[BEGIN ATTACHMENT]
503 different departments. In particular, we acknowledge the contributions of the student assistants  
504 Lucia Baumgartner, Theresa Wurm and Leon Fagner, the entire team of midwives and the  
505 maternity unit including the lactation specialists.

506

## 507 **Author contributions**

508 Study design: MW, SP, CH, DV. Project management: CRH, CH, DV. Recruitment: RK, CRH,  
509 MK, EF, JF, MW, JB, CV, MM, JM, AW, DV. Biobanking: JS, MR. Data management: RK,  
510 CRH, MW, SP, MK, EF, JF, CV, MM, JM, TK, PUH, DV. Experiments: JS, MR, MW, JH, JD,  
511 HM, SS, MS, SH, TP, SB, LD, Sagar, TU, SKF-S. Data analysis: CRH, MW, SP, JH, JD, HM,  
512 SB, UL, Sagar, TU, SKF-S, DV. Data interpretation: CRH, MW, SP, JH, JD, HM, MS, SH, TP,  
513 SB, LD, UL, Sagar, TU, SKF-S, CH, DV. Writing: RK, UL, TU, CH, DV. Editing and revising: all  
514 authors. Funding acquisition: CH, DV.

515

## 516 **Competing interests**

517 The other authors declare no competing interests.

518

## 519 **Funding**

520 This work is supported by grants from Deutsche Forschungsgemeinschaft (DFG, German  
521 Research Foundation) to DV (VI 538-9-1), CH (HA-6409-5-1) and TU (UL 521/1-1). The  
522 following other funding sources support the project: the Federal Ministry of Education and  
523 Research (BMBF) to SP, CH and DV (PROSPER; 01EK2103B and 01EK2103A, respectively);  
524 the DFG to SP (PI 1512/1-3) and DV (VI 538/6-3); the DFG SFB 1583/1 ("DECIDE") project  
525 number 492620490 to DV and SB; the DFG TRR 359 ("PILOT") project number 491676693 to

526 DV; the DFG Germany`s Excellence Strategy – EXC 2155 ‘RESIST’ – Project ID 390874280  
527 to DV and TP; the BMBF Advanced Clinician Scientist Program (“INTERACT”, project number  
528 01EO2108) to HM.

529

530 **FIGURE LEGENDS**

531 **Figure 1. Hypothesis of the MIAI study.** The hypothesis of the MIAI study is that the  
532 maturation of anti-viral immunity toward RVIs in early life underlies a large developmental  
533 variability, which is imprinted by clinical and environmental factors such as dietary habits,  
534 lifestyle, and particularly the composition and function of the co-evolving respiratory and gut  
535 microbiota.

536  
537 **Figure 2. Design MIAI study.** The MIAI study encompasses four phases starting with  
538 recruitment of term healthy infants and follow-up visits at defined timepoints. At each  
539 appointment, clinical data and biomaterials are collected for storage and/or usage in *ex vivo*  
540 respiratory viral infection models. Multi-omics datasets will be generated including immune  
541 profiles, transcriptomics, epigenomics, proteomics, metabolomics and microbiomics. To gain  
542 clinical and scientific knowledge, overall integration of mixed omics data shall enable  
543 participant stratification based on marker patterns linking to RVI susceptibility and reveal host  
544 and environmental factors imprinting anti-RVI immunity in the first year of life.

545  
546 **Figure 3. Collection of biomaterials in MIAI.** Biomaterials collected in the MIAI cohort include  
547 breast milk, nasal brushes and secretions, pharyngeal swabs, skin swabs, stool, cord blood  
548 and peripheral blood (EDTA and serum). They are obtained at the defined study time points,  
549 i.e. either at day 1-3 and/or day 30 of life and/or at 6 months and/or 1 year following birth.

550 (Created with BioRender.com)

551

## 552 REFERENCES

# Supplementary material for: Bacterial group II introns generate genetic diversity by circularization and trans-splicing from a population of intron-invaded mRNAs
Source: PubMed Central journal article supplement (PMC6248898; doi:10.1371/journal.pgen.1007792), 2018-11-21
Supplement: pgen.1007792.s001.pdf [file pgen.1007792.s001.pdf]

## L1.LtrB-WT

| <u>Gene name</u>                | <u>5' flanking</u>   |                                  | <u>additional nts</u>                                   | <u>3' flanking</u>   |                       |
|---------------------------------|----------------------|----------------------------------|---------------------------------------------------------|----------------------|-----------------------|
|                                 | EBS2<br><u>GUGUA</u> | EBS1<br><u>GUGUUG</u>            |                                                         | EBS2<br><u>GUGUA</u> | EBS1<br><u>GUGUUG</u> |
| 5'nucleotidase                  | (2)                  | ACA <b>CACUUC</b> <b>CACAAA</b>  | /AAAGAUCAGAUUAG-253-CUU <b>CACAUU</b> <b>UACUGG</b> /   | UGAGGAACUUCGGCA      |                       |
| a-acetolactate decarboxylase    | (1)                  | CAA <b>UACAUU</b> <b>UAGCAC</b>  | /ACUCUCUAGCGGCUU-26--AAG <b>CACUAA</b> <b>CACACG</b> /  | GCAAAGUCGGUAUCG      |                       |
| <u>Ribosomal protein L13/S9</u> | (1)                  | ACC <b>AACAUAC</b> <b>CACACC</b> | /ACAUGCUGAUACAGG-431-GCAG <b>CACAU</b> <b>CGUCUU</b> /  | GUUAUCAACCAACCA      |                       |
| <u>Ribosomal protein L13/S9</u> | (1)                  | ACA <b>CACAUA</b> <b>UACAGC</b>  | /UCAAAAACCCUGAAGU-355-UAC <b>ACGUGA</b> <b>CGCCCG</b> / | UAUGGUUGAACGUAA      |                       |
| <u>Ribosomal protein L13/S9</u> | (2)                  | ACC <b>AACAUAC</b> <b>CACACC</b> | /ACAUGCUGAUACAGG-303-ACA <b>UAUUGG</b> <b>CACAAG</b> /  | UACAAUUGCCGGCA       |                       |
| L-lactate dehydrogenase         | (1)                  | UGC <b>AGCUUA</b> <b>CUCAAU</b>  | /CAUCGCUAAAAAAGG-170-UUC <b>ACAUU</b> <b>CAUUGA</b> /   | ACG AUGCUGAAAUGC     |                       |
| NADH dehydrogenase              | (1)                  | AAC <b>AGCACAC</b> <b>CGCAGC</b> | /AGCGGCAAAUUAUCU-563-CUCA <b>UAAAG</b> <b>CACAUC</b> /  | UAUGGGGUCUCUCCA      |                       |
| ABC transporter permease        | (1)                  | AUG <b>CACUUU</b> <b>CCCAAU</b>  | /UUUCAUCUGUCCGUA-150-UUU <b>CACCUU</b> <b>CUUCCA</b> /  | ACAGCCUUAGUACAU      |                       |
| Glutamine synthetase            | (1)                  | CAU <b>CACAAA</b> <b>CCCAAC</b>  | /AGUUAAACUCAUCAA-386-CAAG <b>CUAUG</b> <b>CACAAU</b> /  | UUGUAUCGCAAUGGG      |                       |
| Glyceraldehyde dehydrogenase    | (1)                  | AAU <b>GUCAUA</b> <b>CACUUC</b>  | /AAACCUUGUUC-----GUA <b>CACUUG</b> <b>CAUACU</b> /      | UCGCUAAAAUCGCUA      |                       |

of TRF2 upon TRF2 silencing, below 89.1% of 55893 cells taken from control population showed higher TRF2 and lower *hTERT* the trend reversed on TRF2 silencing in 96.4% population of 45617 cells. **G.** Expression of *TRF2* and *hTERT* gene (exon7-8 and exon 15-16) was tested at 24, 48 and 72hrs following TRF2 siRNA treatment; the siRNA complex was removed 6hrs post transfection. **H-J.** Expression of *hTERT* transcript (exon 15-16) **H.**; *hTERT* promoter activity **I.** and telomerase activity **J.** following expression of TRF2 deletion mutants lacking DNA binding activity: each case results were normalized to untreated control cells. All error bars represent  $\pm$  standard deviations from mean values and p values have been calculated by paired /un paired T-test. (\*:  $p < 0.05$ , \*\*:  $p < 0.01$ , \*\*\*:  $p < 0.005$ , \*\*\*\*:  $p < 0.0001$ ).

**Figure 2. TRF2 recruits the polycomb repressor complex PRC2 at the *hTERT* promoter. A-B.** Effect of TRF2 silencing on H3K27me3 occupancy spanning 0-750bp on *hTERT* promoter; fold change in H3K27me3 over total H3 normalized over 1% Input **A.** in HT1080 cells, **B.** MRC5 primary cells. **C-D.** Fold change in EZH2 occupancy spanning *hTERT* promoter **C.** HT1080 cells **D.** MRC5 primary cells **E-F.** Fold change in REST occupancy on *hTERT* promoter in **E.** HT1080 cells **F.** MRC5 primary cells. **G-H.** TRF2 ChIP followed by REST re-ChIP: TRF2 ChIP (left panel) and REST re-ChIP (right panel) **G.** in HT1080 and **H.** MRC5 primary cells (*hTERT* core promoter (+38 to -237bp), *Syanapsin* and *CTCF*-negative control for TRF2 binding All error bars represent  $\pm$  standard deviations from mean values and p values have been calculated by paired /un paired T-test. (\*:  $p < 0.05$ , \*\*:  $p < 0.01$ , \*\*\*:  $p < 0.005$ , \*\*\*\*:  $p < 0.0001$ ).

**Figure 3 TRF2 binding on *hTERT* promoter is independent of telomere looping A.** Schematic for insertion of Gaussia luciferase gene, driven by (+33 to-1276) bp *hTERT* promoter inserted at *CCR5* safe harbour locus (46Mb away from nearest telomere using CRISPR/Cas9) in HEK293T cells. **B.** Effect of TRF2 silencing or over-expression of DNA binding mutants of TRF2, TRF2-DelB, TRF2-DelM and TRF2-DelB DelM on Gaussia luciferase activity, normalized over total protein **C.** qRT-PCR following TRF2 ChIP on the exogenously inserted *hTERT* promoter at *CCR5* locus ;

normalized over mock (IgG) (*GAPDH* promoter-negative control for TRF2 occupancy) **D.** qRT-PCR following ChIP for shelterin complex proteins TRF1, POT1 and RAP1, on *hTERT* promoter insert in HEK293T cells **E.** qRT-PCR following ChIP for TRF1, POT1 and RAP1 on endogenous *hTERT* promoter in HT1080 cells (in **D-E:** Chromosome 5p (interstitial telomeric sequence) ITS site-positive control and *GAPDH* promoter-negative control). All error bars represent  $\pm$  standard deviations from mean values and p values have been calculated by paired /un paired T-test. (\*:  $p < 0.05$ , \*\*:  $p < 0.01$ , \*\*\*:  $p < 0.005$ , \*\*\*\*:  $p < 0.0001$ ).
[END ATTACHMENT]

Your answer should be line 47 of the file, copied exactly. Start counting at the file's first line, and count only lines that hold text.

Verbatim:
549 i.e. either at day 1-3 and/or day 30 of life and/or at 6 months and/or 1 year following birth.